The First Purchase!
After registration, I sat down with some other members at a small table not too far away. We all dug into our NCECA bags like it was Christmas, and then dove into our program schedules. I circled the events for the day (last year I was frantically running around everywhere with no plan), and headed to the Gallery Expo.
After gawking at the initial displays, I made my way over to the Artstream Nomadic Gallery, easy to identify with their classic metal trailer. I learned from the salesman there that much of the work was fresh from the kiln, and that he’d helped unload Lisa Orr’s mugs the day before. I knew then that it was the time select the mug that I’d been saving up for, but so many choices! I narrowed it down to two: Tara Wilson (left) and Josh DeWeese (Right). I ended up going with Wilson’s, and I love it!
Gallery Expo Ventures
While recovering from my post-mug-purchase daze, I bumped into Speedball’s demonstrator Jeffery Blandford. He was throwing with metallic clay that he explained had trace amounts of coal in it. Jeff also showed some impressive pinky skills (see picture)!
Then I got to listen to Linda Swanson present her work and processes. She discussed movement in her pieces, like one glass bowl with bentonite and water, which moves like a cloud and transforms over time. She also discussed the embracement of techniques which are usually seen as mistakes, purposely shaping the cracks and bubbles in creative ways. Now that I think about it, that’s such a motto for life: Master the mistakes!
It’s the first day at the cup sale and the amazing cups and mugs are beginning to accumulate! I love the cupsale; it allows members to leave a part their work and theirselves for the organization and for the NCECA community. I wish could put a little camera in my mug to see who pics mine up! For this year’s cup sale, I brought a salt-fired porcelain mug – keep your eye out for it!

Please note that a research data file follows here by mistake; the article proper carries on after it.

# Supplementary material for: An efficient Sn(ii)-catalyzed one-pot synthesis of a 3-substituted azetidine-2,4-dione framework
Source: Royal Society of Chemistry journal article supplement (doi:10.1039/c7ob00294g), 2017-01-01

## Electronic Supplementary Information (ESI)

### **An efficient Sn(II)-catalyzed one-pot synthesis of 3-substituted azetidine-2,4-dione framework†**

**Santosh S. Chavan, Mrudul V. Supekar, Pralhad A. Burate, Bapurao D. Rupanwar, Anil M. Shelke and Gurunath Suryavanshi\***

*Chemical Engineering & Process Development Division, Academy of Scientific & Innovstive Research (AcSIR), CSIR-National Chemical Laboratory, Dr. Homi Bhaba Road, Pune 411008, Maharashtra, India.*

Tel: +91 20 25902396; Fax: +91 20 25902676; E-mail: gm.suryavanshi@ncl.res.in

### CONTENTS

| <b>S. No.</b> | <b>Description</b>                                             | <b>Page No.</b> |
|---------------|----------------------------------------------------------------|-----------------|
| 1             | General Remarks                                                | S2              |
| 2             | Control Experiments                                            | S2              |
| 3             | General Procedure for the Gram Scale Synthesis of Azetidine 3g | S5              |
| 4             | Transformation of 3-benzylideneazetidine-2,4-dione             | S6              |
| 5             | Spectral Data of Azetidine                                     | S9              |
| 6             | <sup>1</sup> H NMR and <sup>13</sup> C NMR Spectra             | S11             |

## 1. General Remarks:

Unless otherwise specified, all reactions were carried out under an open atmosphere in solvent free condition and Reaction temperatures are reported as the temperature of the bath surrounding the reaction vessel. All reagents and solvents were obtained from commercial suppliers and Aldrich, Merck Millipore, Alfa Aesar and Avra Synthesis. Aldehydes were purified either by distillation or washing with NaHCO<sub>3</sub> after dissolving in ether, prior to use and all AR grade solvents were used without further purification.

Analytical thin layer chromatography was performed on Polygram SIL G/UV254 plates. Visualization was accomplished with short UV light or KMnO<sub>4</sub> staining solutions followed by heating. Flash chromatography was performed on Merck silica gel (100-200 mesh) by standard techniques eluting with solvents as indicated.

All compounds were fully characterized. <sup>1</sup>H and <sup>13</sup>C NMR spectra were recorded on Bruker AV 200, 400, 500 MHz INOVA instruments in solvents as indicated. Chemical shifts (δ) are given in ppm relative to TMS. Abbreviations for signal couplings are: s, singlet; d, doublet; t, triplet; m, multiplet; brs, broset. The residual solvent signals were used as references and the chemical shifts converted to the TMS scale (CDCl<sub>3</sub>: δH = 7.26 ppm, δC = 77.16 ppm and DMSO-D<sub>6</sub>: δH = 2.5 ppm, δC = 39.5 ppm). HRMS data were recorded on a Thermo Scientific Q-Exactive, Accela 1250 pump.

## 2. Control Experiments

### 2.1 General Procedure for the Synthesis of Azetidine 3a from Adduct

Hidenseeka is more than just a clever play on words, it’s a brilliant event where instagram-savvy NCECA members follow clues to pottery hidden near the conference center. Ever since I heard about this event, I’ve obsessed about being one of the lucky people to find a pot. And it happened!! I had to dive through some bushes to snag it, but around lunch time I saw the clue, and spotted a small jar behind a statue. It’s an Alex Watson lidded jar, and it will hold my sugar forever <3.
Antoni and Bowers
One of my favorite parts of NCECA’s process is their inclusion of different disciplines. To refuel the inspiration of our ceramic art, branching out to unknown territory can be wildly refreshing. Watching Keynote Speaker Janine Antoni speak about her work with such confidence and articulation was truly inspiring, and really made me think. Such powerful symbols! And watching Bill Bower’s performance was breathtaking. I didn’t think I would become so emotional, but the fact that it was based on true experiences, and so passionately described, had a surprisingly powerful impact on me. What a great way to begin the conference!
And be sure to follow my instagram for more pictures! – @Siftedsunlight
The Positively Houston Team recently interviewed Jeff Forster about the upcoming conference. Take a look at the 3 minutes piece which aired to their YouTube channel here:
I was pleased and honored to be invited to present a talk on Sylvia Hyman as part of the Past Masters series on Thursday from 12:30 to 1:30. Sylvia died on December 23 at the age of 95 and I have gathered wonderful stories from her family and friends, and great imagery from John Cummings, her good friend and photographer for many years. Sylvia was amazing – spry, smart, and inquisitive right up to her last days, and certainly an inspiration for all artists, especially those entering the “twilight years.” Some people think they’re in the twilight years at 65, but at that age Sylvia was just beginning her best work and had three more decades of vibrant, productive life ahead of her. Everything you see in the images below is fired clay. If you have any questions about this presentation, please email me at firstname.lastname@example.org or stop by the Appalachian Center for Craft table in the Resource Hall. – Vince Pitelka